Another way in which the crisis lingers is in the deep distrust many Americans still feel toward the finance industry. Last year, around the time a Los Angeles artist was making a killing on eBay selling oil paintings that depicted suburban Chase Bank outlets on fire, an online activist in Southern California was organizing a mass protest called Bank Transfer Day—encouraging people across the country to close their bank accounts en masse and switch over to nonprofit credit unions. (On the appointed date, some 40,000 people reportedly joined credit unions.) According to a recent survey by the Corporate Executive Board, only one in five North Americans has confidence that their financial institution will keep its promises and commitments. Globally, the same report finds, this lack of trust in financial institutions results in some sixty-three million unsold products every year.
The banks, for their part, seem stuck in an embattled and defensive crouch. At an annual meeting of the American Bankers Association in Washington this year, the audience gave a cool if not overtly hostile reception to a representative of the CFPB, offering applause on a five-second delay. The small bankers I spoke to there felt that they were being unfairly blamed for problems that started in unregulated pockets of the financial market; but at the same time, they simply didn’t believe that the consumer bureau would be capable of leveling the regulatory playing field. The mood was one of closed ranks; the bankers repeatedly referred to themselves as “the indispensable industry” and proffered the slogan “To denigrate one is to denigrate all”—which is, bizarrely, only a slight variation on a saying most closely associated with the Wobblies.
All this comes at a time, ironically, when Americans need financial services—the boring, help-you-plan-for-tomorrow kind—more than ever. “People need a place to safely store their money, they need a way to make payments, they need a way to save, and they need access to credit,” said Jennifer Tescher, the president and CEO of the Center for Financial Services Innovation, in a recent speech. “Financial services aren’t going to provide more income, or a job, or health care. But they provide structure and stability, and without that all those other things are hard to achieve.”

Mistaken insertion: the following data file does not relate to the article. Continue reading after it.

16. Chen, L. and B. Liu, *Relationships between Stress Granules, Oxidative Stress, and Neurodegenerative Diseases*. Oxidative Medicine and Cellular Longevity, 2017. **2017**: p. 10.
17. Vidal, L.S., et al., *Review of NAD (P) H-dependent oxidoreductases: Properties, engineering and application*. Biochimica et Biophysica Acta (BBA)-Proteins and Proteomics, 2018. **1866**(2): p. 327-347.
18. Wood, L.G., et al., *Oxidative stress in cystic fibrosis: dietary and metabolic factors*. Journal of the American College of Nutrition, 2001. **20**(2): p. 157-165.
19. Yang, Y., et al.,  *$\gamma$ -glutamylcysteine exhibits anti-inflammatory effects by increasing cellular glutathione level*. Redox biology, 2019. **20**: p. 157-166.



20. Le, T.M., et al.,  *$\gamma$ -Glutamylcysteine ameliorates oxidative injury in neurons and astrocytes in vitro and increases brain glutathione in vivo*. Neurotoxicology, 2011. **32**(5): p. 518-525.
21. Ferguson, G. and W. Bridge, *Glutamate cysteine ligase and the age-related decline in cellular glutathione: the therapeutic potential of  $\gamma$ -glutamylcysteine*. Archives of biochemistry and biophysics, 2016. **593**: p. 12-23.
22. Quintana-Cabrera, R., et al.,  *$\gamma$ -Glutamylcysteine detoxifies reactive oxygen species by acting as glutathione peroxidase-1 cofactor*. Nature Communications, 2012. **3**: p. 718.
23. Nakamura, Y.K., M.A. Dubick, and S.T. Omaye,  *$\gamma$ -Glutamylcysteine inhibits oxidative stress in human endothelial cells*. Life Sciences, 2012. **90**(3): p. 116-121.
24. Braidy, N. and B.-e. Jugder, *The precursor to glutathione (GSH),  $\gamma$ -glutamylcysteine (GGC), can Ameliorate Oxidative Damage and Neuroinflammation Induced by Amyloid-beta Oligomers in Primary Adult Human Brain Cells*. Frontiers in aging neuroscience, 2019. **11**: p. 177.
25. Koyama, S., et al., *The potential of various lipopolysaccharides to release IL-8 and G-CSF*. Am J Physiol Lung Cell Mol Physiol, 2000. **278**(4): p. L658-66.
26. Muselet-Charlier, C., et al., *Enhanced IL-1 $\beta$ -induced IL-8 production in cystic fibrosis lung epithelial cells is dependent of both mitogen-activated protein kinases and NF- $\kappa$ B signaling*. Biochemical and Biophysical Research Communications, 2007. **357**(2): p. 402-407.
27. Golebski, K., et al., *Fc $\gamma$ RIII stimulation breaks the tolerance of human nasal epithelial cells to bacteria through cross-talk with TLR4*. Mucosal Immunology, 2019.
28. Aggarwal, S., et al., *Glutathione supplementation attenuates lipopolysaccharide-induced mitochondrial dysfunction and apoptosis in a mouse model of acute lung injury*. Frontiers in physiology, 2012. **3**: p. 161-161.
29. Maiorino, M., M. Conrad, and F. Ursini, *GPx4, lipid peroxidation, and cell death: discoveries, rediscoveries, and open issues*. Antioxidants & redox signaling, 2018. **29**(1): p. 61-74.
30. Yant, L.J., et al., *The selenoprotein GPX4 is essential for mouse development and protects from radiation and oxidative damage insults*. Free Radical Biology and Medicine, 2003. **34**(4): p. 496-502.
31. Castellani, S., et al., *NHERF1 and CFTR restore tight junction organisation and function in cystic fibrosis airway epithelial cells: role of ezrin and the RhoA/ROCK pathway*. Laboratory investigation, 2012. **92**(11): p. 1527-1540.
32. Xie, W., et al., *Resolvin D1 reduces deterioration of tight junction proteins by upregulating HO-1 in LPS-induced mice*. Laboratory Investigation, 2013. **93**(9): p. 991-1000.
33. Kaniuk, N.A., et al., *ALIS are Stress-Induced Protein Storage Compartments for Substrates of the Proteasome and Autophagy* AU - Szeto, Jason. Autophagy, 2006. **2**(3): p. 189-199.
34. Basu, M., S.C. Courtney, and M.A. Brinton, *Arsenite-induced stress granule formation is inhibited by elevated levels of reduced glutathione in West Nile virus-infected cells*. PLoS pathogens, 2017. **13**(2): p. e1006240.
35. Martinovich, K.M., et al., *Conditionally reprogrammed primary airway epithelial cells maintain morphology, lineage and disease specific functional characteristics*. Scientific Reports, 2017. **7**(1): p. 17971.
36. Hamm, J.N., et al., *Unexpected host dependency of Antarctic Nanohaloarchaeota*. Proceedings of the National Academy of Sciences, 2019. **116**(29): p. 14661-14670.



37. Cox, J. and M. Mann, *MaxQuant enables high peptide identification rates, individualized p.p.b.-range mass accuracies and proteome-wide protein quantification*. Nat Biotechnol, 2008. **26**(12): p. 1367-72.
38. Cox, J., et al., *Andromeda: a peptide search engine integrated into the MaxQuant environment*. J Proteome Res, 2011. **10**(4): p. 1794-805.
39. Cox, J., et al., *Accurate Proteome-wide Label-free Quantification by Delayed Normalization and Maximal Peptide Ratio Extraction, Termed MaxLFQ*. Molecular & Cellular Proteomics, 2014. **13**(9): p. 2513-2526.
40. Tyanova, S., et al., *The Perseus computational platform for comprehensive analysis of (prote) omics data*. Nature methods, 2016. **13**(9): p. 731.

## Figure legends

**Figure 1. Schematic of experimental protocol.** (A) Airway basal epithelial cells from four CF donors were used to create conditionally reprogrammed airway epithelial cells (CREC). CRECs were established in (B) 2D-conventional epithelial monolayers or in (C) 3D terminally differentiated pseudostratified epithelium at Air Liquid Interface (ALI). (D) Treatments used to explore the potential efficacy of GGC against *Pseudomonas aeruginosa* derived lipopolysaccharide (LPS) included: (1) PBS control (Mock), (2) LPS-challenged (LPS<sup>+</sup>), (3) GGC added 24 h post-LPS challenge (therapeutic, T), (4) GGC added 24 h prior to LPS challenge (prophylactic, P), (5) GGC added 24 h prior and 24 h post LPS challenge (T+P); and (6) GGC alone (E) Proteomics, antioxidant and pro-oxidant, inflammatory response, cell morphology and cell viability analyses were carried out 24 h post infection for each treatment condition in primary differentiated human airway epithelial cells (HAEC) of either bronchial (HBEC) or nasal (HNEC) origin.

Some bankers, at least, are starting to see the upside of the CFPB. Sallie Krawcheck, the former president of Bank of America Wealth Management and the former chief financial officer at Citigroup, wrote an op-ed for Politico in April arguing that the bureau would ultimately expand and strengthen the market for financial services. Most banks, she wrote, owe far too much of their revenue to plain customer inertia. Financial products, with their umpteen-page contracts, are so opaque that consumers don’t really know what they’re getting—or what they would gain from switching to someone else’s product. And so they stick around, confused, frustrated, and dependent. The supposedly hyper-innovative financial industry is actually, when it comes to customer service, a sucking bog.
If the CFPB instituted a world of simple, one- or two-page contracts for all competitors in a market, Krawcheck writes, the immediate result would be a bunch of customer churn. This would “strip banks of the significant earnings they derive from customer inertia—including earnings from deposits on which they pay below-market interest rates,” she writes. But it would also, in the next beat, introduce a jolt of competition and innovation to the market, as providers scrambled to find more clear ways to benefit consumers. And who knows? Perhaps one day banks and thrifts could compete to use the insights of behavioral economics to get people to actually save money.